Hillary Clinton: A quiet brand of statecraft
Hillary Clinton has been loyal to President Obama, her one-time rival. Now she's seeking to redefine U.S. foreign policy for a new century, even as the latest mideast peace talks test her skills as a negotiator.
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Seventeen months into a job she resisted accepting, Hillary Rodham Clinton is seen by many longtime analysts as making a quiet mark on US statecraft through hard work and by reaching down into the well of personal experience.Skip to next paragraph
They see her patiently rebuilding America's image in the world and expanding US diplomatic reach by securing more resources for the State Department from former colleagues in the US Congress. While some still question her creative vision and negotiating skills – a hallmark of successful secretaries of State – others laud her for embarking on a redefinition of American foreign policy that gives new weight to diplomacy and development alongside defense.
"Where she could leave her mark is in putting into practice this idea of smart power," says former secretary of State Madeleine Albright, a longtime friend and close associate of Clinton's who describes the "plethora of issues" facing the secretary of State today as "more complex than anything I've ever seen." To respond to that, she adds, Clinton "sees the potential of using a variety of tools in the diplomatic tool box."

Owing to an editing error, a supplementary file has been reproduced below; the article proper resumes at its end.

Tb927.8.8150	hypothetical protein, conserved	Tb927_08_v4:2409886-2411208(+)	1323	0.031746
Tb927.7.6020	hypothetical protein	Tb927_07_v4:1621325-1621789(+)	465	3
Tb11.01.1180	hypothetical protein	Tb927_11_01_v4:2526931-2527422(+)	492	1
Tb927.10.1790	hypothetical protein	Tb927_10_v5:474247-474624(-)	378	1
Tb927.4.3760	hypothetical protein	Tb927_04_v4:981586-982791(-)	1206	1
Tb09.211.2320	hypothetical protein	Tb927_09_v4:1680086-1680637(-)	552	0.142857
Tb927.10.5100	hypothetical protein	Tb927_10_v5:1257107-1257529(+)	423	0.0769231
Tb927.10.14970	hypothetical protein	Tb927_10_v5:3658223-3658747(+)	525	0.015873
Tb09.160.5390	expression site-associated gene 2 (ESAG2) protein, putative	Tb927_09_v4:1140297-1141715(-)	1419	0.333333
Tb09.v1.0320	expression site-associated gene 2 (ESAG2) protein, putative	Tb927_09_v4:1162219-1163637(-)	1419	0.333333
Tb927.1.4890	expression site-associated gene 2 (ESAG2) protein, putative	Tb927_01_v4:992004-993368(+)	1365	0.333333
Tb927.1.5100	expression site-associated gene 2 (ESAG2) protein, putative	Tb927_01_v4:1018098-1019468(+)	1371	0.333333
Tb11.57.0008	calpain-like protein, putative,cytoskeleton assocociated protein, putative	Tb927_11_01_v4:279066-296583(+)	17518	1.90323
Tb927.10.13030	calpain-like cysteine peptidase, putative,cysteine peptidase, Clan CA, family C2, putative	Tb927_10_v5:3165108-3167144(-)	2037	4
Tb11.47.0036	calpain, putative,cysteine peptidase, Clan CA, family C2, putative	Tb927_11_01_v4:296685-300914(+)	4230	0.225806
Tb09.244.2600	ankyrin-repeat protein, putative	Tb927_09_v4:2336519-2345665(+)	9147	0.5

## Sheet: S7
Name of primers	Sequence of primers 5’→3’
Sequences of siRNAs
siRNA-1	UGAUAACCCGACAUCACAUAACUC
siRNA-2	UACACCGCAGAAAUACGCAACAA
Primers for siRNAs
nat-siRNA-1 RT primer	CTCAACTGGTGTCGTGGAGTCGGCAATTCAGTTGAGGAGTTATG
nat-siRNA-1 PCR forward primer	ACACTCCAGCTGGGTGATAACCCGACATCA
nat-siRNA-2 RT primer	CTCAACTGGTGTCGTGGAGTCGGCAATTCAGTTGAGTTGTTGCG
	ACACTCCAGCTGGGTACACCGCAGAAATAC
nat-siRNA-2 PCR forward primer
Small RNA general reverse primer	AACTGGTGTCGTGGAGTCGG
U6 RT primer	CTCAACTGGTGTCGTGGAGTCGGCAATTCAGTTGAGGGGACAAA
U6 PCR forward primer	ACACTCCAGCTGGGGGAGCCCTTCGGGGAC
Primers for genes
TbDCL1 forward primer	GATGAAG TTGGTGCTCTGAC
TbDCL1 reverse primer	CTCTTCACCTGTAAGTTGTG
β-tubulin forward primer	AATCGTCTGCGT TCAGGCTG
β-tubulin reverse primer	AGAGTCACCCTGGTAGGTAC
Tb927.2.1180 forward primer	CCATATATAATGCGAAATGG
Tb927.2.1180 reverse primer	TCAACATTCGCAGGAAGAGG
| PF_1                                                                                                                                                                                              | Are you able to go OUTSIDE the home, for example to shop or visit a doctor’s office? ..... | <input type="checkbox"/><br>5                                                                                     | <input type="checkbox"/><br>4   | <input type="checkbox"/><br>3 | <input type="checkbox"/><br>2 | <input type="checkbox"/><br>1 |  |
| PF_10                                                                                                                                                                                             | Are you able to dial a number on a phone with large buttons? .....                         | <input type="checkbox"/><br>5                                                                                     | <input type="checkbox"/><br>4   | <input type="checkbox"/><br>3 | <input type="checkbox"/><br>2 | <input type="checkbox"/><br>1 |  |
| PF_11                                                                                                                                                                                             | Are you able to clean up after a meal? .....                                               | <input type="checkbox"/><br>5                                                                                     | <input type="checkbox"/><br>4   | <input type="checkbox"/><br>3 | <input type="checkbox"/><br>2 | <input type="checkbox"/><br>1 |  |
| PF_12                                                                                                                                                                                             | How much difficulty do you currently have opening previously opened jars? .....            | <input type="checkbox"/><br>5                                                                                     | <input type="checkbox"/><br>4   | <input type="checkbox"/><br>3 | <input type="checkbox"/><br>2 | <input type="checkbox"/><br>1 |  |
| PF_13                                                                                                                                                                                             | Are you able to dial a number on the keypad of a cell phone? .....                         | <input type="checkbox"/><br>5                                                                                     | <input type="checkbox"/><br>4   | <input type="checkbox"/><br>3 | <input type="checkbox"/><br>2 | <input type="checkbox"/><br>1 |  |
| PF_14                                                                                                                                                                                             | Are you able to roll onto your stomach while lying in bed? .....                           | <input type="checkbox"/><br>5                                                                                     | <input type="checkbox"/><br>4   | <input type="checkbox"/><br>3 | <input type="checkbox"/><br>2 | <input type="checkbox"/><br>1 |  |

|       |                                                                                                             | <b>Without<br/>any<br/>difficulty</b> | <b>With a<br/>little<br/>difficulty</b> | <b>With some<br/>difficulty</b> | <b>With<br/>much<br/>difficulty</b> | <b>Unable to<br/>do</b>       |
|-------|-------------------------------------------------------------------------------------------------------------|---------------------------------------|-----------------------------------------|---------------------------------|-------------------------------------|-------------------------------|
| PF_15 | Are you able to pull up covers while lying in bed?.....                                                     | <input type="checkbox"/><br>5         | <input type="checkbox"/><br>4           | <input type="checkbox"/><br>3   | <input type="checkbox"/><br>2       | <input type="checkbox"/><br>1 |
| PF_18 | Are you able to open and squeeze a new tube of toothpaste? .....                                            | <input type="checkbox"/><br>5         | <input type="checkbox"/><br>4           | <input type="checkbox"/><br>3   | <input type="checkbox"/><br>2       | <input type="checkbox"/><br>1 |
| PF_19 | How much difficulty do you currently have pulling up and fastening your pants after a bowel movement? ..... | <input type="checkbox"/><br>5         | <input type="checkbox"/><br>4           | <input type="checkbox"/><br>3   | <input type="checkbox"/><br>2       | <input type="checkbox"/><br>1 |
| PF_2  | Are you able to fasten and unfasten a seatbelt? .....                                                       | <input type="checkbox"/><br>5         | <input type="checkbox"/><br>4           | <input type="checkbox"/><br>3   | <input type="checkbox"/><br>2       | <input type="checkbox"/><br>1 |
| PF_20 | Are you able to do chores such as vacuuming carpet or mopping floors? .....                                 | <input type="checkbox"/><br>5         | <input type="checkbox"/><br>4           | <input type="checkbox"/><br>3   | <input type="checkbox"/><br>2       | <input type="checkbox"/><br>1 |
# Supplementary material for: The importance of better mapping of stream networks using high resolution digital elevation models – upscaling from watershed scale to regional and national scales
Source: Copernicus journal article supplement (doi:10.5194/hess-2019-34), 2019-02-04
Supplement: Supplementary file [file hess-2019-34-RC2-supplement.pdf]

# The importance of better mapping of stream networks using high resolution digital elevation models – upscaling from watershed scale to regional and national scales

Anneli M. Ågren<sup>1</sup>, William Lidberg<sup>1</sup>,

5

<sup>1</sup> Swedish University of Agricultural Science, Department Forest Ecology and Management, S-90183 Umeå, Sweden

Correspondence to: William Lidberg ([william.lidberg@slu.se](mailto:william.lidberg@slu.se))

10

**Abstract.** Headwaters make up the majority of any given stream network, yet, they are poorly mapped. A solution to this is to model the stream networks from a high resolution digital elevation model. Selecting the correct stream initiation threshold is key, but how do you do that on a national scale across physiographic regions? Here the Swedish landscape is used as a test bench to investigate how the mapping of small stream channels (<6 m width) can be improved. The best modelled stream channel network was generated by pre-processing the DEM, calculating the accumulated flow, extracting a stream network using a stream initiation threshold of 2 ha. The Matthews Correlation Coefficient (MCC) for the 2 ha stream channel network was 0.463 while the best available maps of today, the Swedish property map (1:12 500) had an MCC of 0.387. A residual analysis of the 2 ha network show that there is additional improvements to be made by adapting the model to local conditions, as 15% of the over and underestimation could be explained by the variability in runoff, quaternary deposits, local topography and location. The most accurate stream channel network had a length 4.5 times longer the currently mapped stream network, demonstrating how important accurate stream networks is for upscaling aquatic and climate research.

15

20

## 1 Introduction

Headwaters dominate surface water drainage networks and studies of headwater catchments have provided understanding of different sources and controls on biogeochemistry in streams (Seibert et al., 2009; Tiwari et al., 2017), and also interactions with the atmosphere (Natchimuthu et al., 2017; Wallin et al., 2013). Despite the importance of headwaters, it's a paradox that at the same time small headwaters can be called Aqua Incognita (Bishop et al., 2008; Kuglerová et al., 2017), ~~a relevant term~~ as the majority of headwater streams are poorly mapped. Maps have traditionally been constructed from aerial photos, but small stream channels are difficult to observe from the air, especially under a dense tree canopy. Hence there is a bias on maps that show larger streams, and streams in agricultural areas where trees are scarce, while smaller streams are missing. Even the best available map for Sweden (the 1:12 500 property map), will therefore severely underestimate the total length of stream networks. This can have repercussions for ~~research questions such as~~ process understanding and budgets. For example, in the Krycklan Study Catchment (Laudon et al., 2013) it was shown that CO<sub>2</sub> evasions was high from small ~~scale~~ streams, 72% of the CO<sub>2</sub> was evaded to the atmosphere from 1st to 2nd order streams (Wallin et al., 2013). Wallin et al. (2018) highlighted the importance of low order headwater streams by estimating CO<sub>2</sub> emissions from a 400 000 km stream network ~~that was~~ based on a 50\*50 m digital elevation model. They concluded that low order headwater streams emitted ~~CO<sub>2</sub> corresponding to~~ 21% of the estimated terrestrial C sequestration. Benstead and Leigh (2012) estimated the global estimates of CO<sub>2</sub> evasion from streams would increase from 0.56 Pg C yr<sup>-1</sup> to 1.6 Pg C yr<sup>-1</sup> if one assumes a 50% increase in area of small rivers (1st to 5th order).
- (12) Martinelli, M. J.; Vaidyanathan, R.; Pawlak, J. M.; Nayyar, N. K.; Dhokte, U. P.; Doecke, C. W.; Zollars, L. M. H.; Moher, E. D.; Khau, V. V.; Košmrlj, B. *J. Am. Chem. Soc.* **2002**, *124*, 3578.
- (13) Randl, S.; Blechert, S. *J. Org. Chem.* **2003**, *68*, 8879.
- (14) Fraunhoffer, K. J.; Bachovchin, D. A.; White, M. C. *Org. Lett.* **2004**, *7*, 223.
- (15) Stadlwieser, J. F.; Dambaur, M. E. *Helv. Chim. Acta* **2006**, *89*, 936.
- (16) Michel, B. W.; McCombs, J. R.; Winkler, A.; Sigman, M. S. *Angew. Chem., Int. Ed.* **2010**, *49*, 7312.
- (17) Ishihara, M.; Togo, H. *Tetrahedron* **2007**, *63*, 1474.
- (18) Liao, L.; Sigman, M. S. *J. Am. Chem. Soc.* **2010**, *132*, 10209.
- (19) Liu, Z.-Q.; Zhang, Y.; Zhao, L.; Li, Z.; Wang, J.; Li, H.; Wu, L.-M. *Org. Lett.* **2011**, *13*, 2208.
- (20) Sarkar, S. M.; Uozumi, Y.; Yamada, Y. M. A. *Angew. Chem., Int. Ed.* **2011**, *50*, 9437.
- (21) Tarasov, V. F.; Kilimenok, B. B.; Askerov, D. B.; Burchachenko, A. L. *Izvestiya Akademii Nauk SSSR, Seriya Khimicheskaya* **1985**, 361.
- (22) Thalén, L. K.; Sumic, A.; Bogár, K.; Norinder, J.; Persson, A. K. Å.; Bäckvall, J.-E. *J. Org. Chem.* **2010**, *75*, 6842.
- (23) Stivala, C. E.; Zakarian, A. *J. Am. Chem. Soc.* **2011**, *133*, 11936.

But others who have no less admiration for Clinton's accomplishments in her short time see this moment as a threshold for her – and not only because of the Israeli-Palestinian talks and the test those talks will pose to her skills and propensity for problem solving. They also point to the major foreign-policy review – the so-called "QDDR" or Quadrennial Diplomacy and Development Review she initiated by adapting a Pentagon policy evaluation process – that she is set to unveil next month.
Both the Middle East negotiations and the policy review will provide a measure, these critics say, of Clinton's ability to think in new ways and to fashion a foreign policy for 21st-century America.
"I admire and appreciate the way she has really drilled down on some of these crises that have come up, from the Pakistan floods to the earthquake in Haiti, even her handling of the Kyrgyzstan turmoil – she's working herself ragged on these things and you can see it in her face," says Steven Clemons, publisher of the widely read Washington Note blog and a foreign-policy specialist. "But what we need is an innovator – not an incrementalist, but someone who envisions the strategic leaps that can get us out of these holes we're in, and I just haven't seen it in Hillary Clinton."
What Mr. Obama got when he insisted his former rival for the Democratic presidential nomination take on the job of applying his foreign policy and running US diplomacy was an indefatigable advocate for America with a work ethic that astounds admirers and critics alike. She has proved her loyalty to Obama, some say to a fault, matching her pragmatic vision of 21st-century American leadership to his. She has put her unmatched star power to good use, commanding the stage whether with a room of colleagues, with young leaders like those Africans assembled in Washington, or with the many television audiences she has engaged with, Oprah-style, while abroad.